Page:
When to purchase tickets?
According to Peter Greenberg, Travel Editor, NBC's Today Show, the best time to buy airline tickets is Wednesday morning (Tuesday night) when it's 12:01 a.m. in the time zone where the airline's hub is located.
Here's how it works. Airlines match one another, so if one raises fares (or adds a fee or eliminates a service or, these days, lowers its fares), other airlines follow suit. If WestJet launches a sale, Air Canada will match it. Fare wars usually start on Fridays and, by Saturday, competitors match each other. The rate then drops more by Sunday night or Monday morning. By Monday night, another airline may jump in and offer an even lower fare to beat the competition, and by Tuesday morning, it's over.
Once you book a ticket, you're given a 24-hour hold period to purchase it at that fare. By Tuesday at
midnight, airlines' computers cancel the orders of all the people who booked but didn't buy their tickets by Monday night, and suddenly all those low fares come flooding back into the system for a short period of time. That's when you pounce. If you wait longer, the cycle starts all over again on Friday. (Source: Tough Times, Great Travels by Peter Greenberg)
The game keeps changing, but these are current best strategies for low airfares:
Don't assume that Travelocity, Orbitz, Expedia, and Sidestep all have the same fares. They don't,
especially on international fares. Travel agencies such as Expedia exclude many of the smaller discount airlines such as Virgin America (which was recently added to Travelocity) and Orbitz only recently added JetBlue. Check all the online agencies, and use a multi-site search engine like Kayak and Booking Buddy.
Search airline sites individually. Airlines have "private" sales, reserving best fares for their own sites. With the exception of Southwest, which sells fares on its own site exclusively, most of the airlines that do this are smaller domestic airlines or large international carriers. Alaska, Air Canada, Air New Zealand, Jetblue,
Malaysia, Frontier, Qantas, Singapore, SAS, Virgin America, and others are using this strategy. Spirit Airlines frequently has one cent, one dollar and other crazy low fares on its site only. Low Cost Carriers like SkyBus and Allegiant Air usually don't share fare data with third-party sites at all, although Jetblue fares are included in Travelocity, Cheapair.com and Kayak searches now, and USA3000 fares in Sidestep.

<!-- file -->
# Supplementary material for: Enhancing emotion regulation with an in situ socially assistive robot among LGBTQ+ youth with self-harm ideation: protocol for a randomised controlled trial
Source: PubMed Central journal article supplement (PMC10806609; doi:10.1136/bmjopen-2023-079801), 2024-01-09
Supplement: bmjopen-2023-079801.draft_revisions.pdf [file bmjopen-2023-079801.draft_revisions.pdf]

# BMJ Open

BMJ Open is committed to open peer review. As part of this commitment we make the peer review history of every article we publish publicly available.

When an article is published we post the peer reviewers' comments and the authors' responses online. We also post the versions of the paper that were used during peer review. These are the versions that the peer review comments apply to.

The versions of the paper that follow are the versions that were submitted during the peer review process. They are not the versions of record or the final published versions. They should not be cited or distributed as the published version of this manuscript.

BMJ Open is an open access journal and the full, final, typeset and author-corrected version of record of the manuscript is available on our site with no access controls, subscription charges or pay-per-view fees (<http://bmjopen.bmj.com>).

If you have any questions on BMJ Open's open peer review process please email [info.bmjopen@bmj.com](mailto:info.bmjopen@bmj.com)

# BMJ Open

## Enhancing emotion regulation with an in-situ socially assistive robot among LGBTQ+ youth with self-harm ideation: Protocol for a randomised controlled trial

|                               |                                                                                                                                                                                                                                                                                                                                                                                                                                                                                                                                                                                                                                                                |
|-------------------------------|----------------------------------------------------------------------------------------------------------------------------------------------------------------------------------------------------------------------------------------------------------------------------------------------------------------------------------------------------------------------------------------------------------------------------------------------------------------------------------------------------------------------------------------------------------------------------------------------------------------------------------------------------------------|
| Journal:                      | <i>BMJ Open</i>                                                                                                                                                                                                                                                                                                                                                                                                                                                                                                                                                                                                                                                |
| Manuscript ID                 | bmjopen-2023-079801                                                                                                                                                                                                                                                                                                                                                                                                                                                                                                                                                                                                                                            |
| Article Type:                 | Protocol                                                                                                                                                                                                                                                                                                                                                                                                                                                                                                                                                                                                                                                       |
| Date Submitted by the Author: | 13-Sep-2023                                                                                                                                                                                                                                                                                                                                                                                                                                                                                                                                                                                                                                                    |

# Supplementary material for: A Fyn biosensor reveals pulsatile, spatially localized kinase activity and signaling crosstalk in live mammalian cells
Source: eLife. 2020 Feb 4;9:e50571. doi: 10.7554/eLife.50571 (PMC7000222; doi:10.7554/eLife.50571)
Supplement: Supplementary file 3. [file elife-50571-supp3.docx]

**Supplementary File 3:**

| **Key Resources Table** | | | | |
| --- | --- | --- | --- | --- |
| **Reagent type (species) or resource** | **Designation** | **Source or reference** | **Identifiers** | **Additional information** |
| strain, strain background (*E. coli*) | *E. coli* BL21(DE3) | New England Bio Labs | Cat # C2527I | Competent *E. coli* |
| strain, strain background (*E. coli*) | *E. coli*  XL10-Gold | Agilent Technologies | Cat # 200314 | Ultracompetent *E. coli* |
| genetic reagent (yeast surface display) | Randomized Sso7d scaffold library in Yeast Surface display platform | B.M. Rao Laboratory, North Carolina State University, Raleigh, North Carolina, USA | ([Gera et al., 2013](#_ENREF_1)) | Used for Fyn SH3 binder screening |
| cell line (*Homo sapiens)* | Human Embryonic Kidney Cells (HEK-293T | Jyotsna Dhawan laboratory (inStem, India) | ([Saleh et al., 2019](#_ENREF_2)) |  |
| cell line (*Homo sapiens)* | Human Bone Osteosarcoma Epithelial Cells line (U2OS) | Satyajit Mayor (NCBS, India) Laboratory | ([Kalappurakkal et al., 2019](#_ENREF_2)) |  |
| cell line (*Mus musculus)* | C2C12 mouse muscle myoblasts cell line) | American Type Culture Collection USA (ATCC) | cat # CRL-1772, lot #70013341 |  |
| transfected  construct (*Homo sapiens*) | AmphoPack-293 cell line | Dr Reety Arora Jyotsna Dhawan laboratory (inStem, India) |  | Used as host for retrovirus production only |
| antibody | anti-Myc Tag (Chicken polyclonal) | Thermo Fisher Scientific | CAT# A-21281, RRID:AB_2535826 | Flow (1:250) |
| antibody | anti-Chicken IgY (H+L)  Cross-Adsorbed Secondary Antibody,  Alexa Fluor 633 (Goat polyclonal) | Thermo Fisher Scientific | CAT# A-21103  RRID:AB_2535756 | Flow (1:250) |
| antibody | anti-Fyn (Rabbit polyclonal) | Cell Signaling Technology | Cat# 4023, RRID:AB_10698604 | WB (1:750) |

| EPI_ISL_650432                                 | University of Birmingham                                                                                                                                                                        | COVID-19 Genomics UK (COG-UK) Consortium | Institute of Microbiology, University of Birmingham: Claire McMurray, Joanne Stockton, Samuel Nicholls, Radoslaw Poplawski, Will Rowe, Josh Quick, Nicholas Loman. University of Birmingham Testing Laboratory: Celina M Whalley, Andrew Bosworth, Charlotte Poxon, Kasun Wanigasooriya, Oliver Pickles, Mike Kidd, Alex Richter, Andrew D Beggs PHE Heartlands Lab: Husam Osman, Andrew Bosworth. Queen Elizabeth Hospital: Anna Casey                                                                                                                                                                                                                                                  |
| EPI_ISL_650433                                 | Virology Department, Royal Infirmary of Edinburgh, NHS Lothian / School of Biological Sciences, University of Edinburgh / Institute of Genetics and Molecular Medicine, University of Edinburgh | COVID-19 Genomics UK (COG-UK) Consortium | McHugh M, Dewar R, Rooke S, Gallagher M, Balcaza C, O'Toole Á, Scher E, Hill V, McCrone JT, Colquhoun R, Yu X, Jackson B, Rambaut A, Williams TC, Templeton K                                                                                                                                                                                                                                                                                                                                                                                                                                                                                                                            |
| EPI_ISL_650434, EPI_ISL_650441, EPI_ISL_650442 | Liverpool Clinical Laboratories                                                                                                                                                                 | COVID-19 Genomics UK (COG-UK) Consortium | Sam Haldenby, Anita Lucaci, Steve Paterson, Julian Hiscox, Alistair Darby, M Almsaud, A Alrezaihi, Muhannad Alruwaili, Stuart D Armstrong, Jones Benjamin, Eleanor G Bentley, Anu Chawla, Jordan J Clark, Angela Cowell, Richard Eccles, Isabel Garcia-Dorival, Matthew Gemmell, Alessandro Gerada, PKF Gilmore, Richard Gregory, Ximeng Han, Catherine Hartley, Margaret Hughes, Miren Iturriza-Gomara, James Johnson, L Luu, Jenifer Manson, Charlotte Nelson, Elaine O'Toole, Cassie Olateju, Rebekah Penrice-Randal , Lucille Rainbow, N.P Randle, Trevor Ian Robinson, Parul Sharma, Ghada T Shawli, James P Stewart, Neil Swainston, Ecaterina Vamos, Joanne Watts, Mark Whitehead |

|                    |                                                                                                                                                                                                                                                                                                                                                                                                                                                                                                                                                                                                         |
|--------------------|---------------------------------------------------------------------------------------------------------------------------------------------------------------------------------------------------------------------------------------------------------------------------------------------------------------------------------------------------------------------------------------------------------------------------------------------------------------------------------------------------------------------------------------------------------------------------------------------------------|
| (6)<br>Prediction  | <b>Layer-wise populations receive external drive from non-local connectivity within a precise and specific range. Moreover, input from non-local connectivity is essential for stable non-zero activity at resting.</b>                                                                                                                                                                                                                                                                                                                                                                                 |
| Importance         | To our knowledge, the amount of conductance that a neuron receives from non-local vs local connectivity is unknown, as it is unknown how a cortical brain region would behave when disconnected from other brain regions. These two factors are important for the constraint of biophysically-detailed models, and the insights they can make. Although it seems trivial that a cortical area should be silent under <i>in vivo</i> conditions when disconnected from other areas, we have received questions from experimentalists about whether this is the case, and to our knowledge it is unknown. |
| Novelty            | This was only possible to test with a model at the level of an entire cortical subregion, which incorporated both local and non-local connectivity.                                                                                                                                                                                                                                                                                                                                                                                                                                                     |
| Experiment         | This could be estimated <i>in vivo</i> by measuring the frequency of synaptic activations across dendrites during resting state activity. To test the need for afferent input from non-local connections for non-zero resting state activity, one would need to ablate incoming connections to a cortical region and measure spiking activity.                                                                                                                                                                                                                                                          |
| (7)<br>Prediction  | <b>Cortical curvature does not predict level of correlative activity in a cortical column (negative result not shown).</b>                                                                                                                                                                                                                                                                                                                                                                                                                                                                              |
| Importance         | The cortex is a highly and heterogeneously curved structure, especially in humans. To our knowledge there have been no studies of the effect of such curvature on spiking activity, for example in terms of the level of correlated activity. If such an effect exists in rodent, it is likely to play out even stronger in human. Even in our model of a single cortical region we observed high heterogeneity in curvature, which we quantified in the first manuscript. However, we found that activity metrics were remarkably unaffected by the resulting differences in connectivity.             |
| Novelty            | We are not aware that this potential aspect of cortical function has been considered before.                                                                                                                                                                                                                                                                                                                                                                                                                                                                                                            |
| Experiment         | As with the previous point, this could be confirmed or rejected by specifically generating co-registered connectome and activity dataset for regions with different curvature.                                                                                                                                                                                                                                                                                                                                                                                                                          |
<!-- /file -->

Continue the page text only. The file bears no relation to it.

If flexible, you can save hundreds by adjusting travel dates often by just a day or two. Travelocity has one of the best flexible options because it searches 330 days ahead. Try Travelocity's Asian affiliate Zuji.com for international flexible searches listed in US dollars.
Cheapair.com has a flexible search that also goes
out 330 days but it charges $10 per booking vs. Travelocity's $5. Orbitz has a limited flexible date function that searches a span of only 30 days (click on "Flexible dates"), and Expedia does flexible search only between a few dozen major US cities (click on "My travel dates are flexible"). Sidestep.com and the other major sites have no flexible search capability. Increasingly, individual airline sites are improving their flexible date search functions. American, AerLingus, Air New Zealand, Spirit, and USA3000 all have decent ones and Southwest has a very good one.
Combine weekend fares. Last minute weekend fares are often great deals, but most people don't realize that they can construct itineraries by combining two of these fares. Let's say you want to fly from Boston to San Antonio next weekend, and you've signed
up for all the weekly newsletters alerting you of these deals but there's no Boston/San Antonio deals listed. However, if there's a Boston to Atlanta fare for $128 round-trip, and an Atlanta to San Antonio fare for $108 round-trip, then there is indeed a Boston/San Antonio fare as well. Just buy two separate fares (we've noticed that Travelocity and some other sites do a good job of combining weekend fares in this manner). You can even combine such fares on two different airlines, but make sure you leave enough time in between connecting flights in case there's a delay.
Sign up for Ding fares, AA DealFinder, and Frontier's fare alerts. Southwest offers daily "Ding" deals that pop up on your computer (announced by an audible "ding", thus the name) that can save a few bucks off their already low fares. Frontier has begun sending out similar fares by email. In both cases, the fares expire the same day they're announced but they're often good for travel far into the future. American has begun offering discounts of 10-25% when you sign up for its DealFinder feature and enter a promo code on its
site. It's also a good idea to register with the airlines' newsletters because they often send out special deals and promo codes. Virgin America recently had a two for one sale, lowering fares between LA and New York, for example, to $140 RT, as a special newsletter promo. Alaska sends 20% discount "insider" promos to its subscribers on a regular basis.